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Can a company officer be personally liable for wage and hour violations?

August 1, 2013

Article courtesy of SBAM Approved Partner ASE

By Michael J. Burns

Typically an organization takes the hit for violations under wage and hour law. But on rare occasions a court may hold that the “employer” is an actual person. In the case of Irizarry v.Catsimatidis the company CEO was held personally liable for the misclassification of employees as exempt. What caused this ruling?

The misclassified employees sued the company and three of its officers as a class. The lower court held that the company (employer) did in fact violate the Fair Labor Standards Act (FLSA) in several ways and awarded judgment in favor of the plaintiffs (employees). Subsequently the employer (a chain of grocery stores) reneged on the award settlement. The employees moved for summary judgment against the grocery chain’s owner, chairman and CEO as personally liable for the judgment.

The Defendant CEO argued that he only made symbolic and general decisions that did not impact the plaintiffs and therefore could not be their direct employer. The lower court once again ruled in favor of the employees.  On appeal the U.S. Second Circuit Court of Appeals extensively reviewed what an employer was under the FLSA.  In its jurisdiction that covers New York and several surrounding states, who or what is an employer under the FLSA was always defined quite broadly. The court used the economic reality test that looks at four factors in the establishment of an employment relationship, that reads: “whether the alleged employer, 1.)   the power to hire and fire the employees; 2.) supervised and controlled employee work schedules or conditions of employment; 3.) determined the rate and method of payment and 4.) maintained employment records.”

How did the Court use this general guideline of what an employer is, to establish that it includes individuals within the employer?

The answer to this involves two questions. First, what is the scope of an individual’s authority or “operational control” over a company?  At what level of a corporate hierarchy, and in what relationship with plaintiff employees, must an individual possess power in order to be covered by the FLSA? The second inquiry, related but distinct, concerns hypothetical versus actual power. To what extent must an individual actually use the power he or she possesses over employees to be considered an employer?

To the first question the court found the other circuit courts looking at this issue have acknowledged that a company owner, president or stockholder must have at least some degree of involvement in the way the company interacts with employees in order to be a FLSA “employer.”  The court held that “a person exercises operational control over employees if his or her role within the company, and the decisions it entails, directly affect the nature or conditions of the employees’ employment.”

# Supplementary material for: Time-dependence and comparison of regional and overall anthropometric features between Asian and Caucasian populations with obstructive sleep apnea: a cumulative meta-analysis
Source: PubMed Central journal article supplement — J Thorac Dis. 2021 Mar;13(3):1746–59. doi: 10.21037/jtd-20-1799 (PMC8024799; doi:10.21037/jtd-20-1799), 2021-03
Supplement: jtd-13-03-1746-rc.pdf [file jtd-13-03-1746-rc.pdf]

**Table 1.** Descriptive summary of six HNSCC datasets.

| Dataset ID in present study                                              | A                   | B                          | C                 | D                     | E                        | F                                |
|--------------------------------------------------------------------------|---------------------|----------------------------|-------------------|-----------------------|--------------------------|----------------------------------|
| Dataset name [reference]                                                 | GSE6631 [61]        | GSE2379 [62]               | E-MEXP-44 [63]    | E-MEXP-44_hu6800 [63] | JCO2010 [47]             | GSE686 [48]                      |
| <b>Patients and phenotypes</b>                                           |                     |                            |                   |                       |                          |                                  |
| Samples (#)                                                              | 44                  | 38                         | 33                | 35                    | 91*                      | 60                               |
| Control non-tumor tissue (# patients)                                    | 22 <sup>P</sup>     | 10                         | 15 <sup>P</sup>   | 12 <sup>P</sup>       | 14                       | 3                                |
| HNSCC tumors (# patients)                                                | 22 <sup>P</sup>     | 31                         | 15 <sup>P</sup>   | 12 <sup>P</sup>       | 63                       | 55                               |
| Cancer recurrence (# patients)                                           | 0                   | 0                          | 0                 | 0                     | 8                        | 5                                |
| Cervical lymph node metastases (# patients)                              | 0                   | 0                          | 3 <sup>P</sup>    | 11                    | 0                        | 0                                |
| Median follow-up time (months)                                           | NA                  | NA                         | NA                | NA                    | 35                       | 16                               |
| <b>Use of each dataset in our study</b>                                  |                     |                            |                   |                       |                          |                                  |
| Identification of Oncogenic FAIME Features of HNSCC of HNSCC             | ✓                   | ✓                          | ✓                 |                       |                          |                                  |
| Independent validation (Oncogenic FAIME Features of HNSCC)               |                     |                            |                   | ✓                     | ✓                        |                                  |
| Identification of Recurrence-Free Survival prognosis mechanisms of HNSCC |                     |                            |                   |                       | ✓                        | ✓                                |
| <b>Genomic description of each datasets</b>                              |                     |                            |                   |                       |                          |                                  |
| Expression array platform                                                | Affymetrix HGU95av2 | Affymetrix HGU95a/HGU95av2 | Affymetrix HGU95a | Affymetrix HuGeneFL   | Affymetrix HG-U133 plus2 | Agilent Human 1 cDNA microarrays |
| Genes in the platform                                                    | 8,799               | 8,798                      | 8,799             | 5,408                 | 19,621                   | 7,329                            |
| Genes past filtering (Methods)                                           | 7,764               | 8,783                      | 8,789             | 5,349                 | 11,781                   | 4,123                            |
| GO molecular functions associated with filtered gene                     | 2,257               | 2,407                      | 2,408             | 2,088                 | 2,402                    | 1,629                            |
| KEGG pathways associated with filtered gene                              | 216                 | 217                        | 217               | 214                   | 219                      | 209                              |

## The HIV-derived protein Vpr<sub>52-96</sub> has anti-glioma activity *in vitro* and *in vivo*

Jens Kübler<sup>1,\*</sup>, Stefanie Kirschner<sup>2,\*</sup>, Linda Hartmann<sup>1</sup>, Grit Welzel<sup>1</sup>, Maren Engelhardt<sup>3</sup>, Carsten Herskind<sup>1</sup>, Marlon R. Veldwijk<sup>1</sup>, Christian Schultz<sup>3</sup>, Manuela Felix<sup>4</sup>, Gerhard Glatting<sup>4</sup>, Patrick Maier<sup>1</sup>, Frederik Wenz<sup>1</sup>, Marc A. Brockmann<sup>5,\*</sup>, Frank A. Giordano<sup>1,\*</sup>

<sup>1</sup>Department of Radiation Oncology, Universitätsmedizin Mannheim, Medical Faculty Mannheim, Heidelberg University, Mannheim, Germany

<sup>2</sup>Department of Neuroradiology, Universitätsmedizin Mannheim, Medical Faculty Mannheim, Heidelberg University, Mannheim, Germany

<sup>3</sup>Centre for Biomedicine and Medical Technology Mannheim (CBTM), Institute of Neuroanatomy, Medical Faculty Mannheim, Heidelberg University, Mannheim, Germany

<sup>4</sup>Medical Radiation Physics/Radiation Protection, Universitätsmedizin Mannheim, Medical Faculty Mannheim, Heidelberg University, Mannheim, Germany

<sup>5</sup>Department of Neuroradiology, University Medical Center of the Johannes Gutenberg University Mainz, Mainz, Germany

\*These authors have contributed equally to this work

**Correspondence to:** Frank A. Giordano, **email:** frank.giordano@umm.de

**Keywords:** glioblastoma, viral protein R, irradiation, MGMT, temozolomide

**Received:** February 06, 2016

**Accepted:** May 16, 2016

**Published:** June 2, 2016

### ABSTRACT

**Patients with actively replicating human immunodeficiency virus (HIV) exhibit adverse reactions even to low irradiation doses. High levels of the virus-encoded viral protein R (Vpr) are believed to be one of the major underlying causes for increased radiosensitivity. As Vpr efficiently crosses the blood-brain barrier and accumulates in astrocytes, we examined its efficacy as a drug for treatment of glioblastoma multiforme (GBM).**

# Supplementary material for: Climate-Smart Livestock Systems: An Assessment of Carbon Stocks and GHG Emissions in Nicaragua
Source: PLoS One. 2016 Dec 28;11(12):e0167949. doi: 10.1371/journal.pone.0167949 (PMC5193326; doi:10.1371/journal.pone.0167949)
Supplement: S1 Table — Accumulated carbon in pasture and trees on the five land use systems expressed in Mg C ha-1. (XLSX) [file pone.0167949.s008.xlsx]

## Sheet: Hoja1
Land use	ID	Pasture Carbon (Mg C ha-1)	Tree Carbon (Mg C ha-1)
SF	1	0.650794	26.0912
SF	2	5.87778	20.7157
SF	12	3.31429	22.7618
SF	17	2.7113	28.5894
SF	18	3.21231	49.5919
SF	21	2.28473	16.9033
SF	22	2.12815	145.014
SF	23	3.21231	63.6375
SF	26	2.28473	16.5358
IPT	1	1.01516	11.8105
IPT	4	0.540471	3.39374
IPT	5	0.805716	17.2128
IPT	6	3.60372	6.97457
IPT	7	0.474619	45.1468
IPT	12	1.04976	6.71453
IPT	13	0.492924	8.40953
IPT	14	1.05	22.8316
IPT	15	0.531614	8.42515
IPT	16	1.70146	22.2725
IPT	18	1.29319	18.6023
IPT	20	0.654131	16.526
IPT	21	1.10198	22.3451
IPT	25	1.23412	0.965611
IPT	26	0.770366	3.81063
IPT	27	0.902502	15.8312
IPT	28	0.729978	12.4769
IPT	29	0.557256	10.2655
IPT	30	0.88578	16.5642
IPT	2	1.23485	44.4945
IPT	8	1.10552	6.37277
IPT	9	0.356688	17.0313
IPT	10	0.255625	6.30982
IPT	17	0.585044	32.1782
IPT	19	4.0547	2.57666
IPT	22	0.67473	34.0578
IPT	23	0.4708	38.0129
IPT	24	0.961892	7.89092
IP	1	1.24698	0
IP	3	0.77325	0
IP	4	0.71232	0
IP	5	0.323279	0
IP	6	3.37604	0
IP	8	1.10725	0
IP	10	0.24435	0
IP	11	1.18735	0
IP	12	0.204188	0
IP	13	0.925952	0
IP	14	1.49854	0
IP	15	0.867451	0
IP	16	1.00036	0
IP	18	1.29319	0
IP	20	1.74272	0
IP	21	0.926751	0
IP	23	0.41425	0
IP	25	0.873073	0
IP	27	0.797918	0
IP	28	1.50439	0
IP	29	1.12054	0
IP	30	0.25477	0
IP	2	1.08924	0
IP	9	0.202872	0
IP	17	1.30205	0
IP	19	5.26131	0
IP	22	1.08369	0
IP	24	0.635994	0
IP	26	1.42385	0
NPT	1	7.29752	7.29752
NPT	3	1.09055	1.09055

The second question looked at whether the defendant CEO had the actual power. Ownership alone is not sufficient under the FLSA’s definition of employer. If the individual is to be the employer s/he must have some involvement with the company’s employment of employees.  To answer this question the court looked at the relationship the CEO had with the day-to-day operations of the company and found that he was regularly on the premises of the company, interacting with his subordinates on a myriad of issues and problems. He also regularly visited the stores in his chain, offering suggestions and directions to managers and greeting employees.  At the same time, his authority to hire and fire was in a practical way limited to four or five of his officers.

The Court took a “totality of circumstances” approach to finding that the CEO did meet the necessary criteria of the economic reality test to be considered the employer under the FLSA. His “active exercise of overall control over the company, his ultimate responsibility for the plaintiffs’ wages, his supervision of management employees, and his actions in individual stores demonstrate that he was an “employer”  for purposes of the FLSA.

Human Resource professionals struggling with getting certain management personnel to understand the importance of wage and hour compliance issues might use this case to show that individuals can be held liable for judgments, not just the employing company.

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